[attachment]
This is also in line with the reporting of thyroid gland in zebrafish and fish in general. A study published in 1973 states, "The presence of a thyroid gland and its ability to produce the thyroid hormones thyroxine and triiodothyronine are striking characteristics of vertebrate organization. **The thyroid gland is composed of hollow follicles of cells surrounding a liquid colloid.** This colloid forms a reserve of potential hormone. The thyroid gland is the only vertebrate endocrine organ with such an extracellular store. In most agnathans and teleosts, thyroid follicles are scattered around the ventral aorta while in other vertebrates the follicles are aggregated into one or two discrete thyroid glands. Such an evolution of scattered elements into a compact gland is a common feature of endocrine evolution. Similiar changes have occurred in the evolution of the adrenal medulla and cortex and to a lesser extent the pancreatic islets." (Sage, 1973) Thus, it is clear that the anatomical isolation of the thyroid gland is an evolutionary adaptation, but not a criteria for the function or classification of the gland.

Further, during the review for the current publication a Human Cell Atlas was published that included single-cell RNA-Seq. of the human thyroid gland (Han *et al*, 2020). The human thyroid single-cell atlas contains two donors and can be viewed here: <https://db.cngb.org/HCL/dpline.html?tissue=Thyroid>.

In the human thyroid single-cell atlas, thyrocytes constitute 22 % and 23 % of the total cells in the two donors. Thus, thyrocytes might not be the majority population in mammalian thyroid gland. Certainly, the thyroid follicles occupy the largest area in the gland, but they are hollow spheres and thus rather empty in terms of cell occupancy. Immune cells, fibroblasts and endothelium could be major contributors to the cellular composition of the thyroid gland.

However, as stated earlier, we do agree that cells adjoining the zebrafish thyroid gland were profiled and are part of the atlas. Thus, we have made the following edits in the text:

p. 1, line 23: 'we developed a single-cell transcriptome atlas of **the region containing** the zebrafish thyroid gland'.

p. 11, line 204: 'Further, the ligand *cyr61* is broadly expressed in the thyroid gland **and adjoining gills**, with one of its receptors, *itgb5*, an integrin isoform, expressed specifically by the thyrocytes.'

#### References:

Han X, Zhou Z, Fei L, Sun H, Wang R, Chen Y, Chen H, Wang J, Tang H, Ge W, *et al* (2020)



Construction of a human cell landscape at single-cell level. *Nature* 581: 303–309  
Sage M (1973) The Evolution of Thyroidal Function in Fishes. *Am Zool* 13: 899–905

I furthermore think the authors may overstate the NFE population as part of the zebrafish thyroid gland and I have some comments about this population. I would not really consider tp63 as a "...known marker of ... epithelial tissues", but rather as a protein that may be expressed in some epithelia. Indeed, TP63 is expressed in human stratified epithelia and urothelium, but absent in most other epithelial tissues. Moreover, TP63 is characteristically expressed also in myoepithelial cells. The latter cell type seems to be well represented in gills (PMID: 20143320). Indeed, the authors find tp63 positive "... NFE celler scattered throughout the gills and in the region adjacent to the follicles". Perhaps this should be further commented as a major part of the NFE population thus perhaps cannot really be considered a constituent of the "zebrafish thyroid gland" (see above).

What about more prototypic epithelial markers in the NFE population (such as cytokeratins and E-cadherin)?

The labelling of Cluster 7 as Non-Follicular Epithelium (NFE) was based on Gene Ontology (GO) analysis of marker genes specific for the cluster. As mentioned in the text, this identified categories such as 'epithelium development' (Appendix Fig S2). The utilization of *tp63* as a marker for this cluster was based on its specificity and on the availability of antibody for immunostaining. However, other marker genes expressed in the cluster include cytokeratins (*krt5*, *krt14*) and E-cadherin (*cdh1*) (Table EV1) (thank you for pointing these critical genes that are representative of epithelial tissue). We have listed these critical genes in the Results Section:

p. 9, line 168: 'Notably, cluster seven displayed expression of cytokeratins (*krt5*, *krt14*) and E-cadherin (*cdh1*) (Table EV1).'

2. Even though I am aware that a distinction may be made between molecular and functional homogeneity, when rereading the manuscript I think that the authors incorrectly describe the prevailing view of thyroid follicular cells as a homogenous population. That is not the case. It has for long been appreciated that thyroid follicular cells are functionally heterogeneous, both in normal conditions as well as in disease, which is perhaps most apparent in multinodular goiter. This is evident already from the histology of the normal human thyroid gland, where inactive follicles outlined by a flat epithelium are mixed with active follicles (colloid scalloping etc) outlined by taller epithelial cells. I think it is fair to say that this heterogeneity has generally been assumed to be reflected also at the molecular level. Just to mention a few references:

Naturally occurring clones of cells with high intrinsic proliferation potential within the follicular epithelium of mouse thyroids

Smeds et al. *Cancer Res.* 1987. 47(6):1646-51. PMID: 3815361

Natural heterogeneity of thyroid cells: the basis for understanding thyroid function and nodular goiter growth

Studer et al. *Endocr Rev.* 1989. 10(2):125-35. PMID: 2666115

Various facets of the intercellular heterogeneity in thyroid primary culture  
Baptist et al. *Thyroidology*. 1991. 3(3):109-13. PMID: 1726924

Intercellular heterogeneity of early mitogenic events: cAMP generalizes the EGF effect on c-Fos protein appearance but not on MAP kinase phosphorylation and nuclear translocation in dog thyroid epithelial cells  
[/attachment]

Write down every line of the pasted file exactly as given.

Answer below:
This is also in line with the reporting of thyroid gland in zebrafish and fish in general. A study published in 1973 states, "The presence of a thyroid gland and its ability to produce the thyroid hormones thyroxine and triiodothyronine are striking characteristics of vertebrate organization. **The thyroid gland is composed of hollow follicles of cells surrounding a liquid colloid.** This colloid forms a reserve of potential hormone. The thyroid gland is the only vertebrate endocrine organ with such an extracellular store. In most agnathans and teleosts, thyroid follicles are scattered around the ventral aorta while in other vertebrates the follicles are aggregated into one or two discrete thyroid glands. Such an evolution of scattered elements into a compact gland is a common feature of endocrine evolution. Similiar changes have occurred in the evolution of the adrenal medulla and cortex and to a lesser extent the pancreatic islets." (Sage, 1973) Thus, it is clear that the anatomical isolation of the thyroid gland is an evolutionary adaptation, but not a criteria for the function or classification of the gland.

Further, during the review for the current publication a Human Cell Atlas was published that included single-cell RNA-Seq. of the human thyroid gland (Han *et al*, 2020). The human thyroid single-cell atlas contains two donors and can be viewed here: <https://db.cngb.org/HCL/dpline.html?tissue=Thyroid>.

In the human thyroid single-cell atlas, thyrocytes constitute 22 % and 23 % of the total cells in the two donors. Thus, thyrocytes might not be the majority population in mammalian thyroid gland. Certainly, the thyroid follicles occupy the largest area in the gland, but they are hollow spheres and thus rather empty in terms of cell occupancy. Immune cells, fibroblasts and endothelium could be major contributors to the cellular composition of the thyroid gland.

However, as stated earlier, we do agree that cells adjoining the zebrafish thyroid gland were profiled and are part of the atlas. Thus, we have made the following edits in the text:

p. 1, line 23: 'we developed a single-cell transcriptome atlas of **the region containing** the zebrafish thyroid gland'.

p. 11, line 204: 'Further, the ligand *cyr61* is broadly expressed in the thyroid gland **and adjoining gills**, with one of its receptors, *itgb5*, an integrin isoform, expressed specifically by the thyrocytes.'

#### References:

Han X, Zhou Z, Fei L, Sun H, Wang R, Chen Y, Chen H, Wang J, Tang H, Ge W, *et al* (2020)



Construction of a human cell landscape at single-cell level. *Nature* 581: 303–309  
Sage M (1973) The Evolution of Thyroidal Function in Fishes. *Am Zool* 13: 899–905

I furthermore think the authors may overstate the NFE population as part of the zebrafish thyroid gland and I have some comments about this population. I would not really consider tp63 as a "...known marker of ... epithelial tissues", but rather as a protein that may be expressed in some epithelia. Indeed, TP63 is expressed in human stratified epithelia and urothelium, but absent in most other epithelial tissues. Moreover, TP63 is characteristically expressed also in myoepithelial cells. The latter cell type seems to be well represented in gills (PMID: 20143320). Indeed, the authors find tp63 positive "... NFE celler scattered throughout the gills and in the region adjacent to the follicles". Perhaps this should be further commented as a major part of the NFE population thus perhaps cannot really be considered a constituent of the "zebrafish thyroid gland" (see above).

What about more prototypic epithelial markers in the NFE population (such as cytokeratins and E-cadherin)?

The labelling of Cluster 7 as Non-Follicular Epithelium (NFE) was based on Gene Ontology (GO) analysis of marker genes specific for the cluster. As mentioned in the text, this identified categories such as 'epithelium development' (Appendix Fig S2). The utilization of *tp63* as a marker for this cluster was based on its specificity and on the availability of antibody for immunostaining. However, other marker genes expressed in the cluster include cytokeratins (*krt5*, *krt14*) and E-cadherin (*cdh1*) (Table EV1) (thank you for pointing these critical genes that are representative of epithelial tissue). We have listed these critical genes in the Results Section:

p. 9, line 168: 'Notably, cluster seven displayed expression of cytokeratins (*krt5*, *krt14*) and E-cadherin (*cdh1*) (Table EV1).'

2. Even though I am aware that a distinction may be made between molecular and functional homogeneity, when rereading the manuscript I think that the authors incorrectly describe the prevailing view of thyroid follicular cells as a homogenous population. That is not the case. It has for long been appreciated that thyroid follicular cells are functionally heterogeneous, both in normal conditions as well as in disease, which is perhaps most apparent in multinodular goiter. This is evident already from the histology of the normal human thyroid gland, where inactive follicles outlined by a flat epithelium are mixed with active follicles (colloid scalloping etc) outlined by taller epithelial cells. I think it is fair to say that this heterogeneity has generally been assumed to be reflected also at the molecular level. Just to mention a few references:

Naturally occurring clones of cells with high intrinsic proliferation potential within the follicular epithelium of mouse thyroids

Smeds et al. *Cancer Res.* 1987. 47(6):1646-51. PMID: 3815361

Natural heterogeneity of thyroid cells: the basis for understanding thyroid function and nodular goiter growth

Studer et al. *Endocr Rev.* 1989. 10(2):125-35. PMID: 2666115

Various facets of the intercellular heterogeneity in thyroid primary culture  
Baptist et al. *Thyroidology*. 1991. 3(3):109-13. PMID: 1726924

Intercellular heterogeneity of early mitogenic events: cAMP generalizes the EGF effect on c-Fos protein appearance but not on MAP kinase phosphorylation and nuclear translocation in dog thyroid epithelial cells  